This looks like a complete failure on HackerOne side - do they care to comment publicly?

Uber’s bug bounty seems like a complete joke.

What do you expect from a company who's motto is "always be hustlin" !?

If true, then Uber dropped the ball again when it came to PR.

When a company does something immoral, why do people always say "well that's bad because it's bad PR"? How about, that's bad because it's immoral?

Because immoral actions don't tend to hurt the bottom line, in fact generally the opposite.

Until, that is, someone shines a light on said immoral behavior for the public to see. Then it tends to have an effect, small as it may usually be.

In my view it's because immorality only really affects a company if it's perceived as immoral (i.e. is a PR issue)

Because it's assumed that a company can do whatever it wants as long as it's self serving and not blatantly illegal.

Morality is a human standard of behavior, corporations are non-human persons.

I realize this can seem like a cynical take, but if you look at the devestation to our planet, and even human life, I think you can see it's an attempt to be accurate, not cynical.

The people who run a corporation can struggle to maintain a moral direction, but that aim is orthogonal to the goals of the firm and when a conflict arises, it's "logical" for the company to replace whoever diverts it from its goal.

The problem is you trusted Uber in the first place

I wonder if this is the same Gregory V Perry who claimed there'd been an attempt to backdoor OpenBSD IPSec code: https://marc.info/?l=openbsd-security-announce&m=12923753140...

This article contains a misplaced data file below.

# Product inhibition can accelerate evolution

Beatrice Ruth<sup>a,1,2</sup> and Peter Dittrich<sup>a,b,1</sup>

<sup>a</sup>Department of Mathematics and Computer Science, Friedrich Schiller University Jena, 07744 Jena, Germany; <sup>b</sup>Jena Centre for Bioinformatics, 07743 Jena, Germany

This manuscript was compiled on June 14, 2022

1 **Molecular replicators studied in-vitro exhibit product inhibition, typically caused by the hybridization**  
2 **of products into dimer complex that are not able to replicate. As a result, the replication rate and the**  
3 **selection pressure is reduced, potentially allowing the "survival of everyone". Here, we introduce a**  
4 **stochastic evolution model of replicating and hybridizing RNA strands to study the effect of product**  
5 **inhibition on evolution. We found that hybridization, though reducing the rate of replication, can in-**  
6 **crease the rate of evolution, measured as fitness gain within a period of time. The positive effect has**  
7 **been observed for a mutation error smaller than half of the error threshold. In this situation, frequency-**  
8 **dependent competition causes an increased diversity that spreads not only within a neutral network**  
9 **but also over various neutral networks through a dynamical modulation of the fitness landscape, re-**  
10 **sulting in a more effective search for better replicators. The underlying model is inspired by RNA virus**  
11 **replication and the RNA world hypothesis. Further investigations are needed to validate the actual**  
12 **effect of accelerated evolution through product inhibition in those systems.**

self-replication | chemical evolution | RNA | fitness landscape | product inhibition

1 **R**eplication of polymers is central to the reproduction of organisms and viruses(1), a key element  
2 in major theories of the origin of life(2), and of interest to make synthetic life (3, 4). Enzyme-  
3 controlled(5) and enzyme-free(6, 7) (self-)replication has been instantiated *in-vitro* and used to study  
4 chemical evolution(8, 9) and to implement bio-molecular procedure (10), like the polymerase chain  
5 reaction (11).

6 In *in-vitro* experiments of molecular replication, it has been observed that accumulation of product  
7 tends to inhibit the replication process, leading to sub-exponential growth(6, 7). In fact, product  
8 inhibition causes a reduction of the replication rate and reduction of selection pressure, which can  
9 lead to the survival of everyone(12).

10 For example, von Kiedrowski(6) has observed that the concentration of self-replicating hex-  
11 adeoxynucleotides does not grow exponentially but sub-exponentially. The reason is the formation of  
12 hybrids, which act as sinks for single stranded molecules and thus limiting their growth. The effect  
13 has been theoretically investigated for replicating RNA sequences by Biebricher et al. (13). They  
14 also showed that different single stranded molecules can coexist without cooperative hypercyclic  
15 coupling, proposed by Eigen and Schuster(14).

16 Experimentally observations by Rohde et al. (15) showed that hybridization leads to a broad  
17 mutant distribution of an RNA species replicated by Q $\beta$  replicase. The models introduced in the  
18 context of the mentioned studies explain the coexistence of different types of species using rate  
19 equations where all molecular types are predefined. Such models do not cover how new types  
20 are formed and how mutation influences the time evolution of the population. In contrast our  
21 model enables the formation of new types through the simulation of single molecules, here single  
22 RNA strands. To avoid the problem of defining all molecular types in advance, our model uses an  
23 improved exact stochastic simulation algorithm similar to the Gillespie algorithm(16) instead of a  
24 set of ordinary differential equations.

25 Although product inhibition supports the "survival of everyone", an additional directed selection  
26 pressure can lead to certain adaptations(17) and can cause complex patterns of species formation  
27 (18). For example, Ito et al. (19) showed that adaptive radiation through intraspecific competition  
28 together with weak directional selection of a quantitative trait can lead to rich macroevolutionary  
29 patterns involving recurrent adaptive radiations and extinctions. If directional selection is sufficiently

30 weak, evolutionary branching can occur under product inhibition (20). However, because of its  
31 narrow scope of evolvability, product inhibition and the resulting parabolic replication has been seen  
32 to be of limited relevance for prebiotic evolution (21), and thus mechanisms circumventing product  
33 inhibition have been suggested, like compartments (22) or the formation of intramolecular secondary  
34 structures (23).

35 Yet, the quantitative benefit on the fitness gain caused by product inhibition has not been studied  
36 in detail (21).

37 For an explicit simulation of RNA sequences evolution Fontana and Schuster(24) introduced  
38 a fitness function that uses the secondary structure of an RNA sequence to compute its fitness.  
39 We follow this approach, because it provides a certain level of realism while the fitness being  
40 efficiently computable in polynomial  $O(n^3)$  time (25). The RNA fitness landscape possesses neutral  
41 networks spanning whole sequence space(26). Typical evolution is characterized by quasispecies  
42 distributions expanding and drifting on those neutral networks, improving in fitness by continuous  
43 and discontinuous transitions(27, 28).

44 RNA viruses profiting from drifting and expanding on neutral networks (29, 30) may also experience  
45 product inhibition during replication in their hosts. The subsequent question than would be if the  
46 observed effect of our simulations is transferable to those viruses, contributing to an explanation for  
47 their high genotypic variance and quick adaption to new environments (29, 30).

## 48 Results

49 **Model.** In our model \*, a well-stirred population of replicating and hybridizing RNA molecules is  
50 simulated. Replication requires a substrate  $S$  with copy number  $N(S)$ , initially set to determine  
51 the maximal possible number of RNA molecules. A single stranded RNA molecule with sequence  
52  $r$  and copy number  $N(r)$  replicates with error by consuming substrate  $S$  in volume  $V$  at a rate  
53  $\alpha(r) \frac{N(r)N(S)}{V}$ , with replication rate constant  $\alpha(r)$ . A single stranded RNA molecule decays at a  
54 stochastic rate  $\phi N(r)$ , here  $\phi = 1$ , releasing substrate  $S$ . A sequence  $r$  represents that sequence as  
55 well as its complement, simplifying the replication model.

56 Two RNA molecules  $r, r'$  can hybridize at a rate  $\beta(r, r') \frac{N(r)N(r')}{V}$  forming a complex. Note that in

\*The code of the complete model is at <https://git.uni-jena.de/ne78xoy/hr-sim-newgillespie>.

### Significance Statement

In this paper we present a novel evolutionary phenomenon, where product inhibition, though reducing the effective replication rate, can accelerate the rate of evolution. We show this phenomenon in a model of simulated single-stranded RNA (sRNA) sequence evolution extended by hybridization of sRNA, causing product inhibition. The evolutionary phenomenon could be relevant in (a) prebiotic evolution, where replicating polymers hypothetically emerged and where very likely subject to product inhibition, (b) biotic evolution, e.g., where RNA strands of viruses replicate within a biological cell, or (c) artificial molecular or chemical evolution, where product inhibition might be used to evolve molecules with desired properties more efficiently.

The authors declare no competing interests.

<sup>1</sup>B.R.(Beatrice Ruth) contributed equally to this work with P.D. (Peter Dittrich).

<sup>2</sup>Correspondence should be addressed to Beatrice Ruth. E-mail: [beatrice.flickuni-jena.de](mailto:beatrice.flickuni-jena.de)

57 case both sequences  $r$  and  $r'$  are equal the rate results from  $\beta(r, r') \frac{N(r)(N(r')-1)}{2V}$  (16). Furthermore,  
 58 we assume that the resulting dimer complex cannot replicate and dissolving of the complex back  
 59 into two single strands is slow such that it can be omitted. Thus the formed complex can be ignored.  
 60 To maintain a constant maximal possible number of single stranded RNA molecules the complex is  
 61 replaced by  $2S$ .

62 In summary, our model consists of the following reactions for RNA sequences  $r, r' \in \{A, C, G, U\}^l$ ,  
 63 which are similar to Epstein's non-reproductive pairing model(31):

Just like this one, his story back then didn't quite add up either.

Hm, both profiles have one thing in common: VMware training/instruction. You might be on to something.

Let me get this straight: there's a company built to exploit the ignorance of people of just how much it costs to drive their own car and the complete disregard of law and you thought while they don't respect their drivers and various governing bodies all over the globe they will respect you ?

Regardless of how strongly you feel or how wrong other people are, please don't post tendentious rants to HN. This breaks the site guideline which asks the folllowing:

Please respond to the strongest plausible interpretation of what someone says, not a weaker one that's easier to criticize.

That "says" can be extended to "says, does, is". What you posted has a lot of indignation but doesn't come close to passing the "strongest plausible" test. Maybe you don't owe better to a corporation, but you owe better to this community if you want to post here.

I think you will realize, once you have cooled down a bit, that it is exactly people's awareness of how much it costs to own and drive a car in terms of money and mental peace that drives them to use services like Uber.

And yes, I know you were referring to people who drive for Uber.

For many people, the process of owning and driving a car doesn't make overall sense, which is why they pay others to do it for them.

I don't see anyone complaining about how maids have to, oh my gosh, clean houses.

> it is exactly people's awareness of how much it costs to own and drive a car in terms of money and mental peace that drives them to use services like Uber.

The point is that its far less profitable than it seems, is very stressful, and has variable (unstable) income which further adds to the stress. See for example Uber The Game [1] based on real life examples.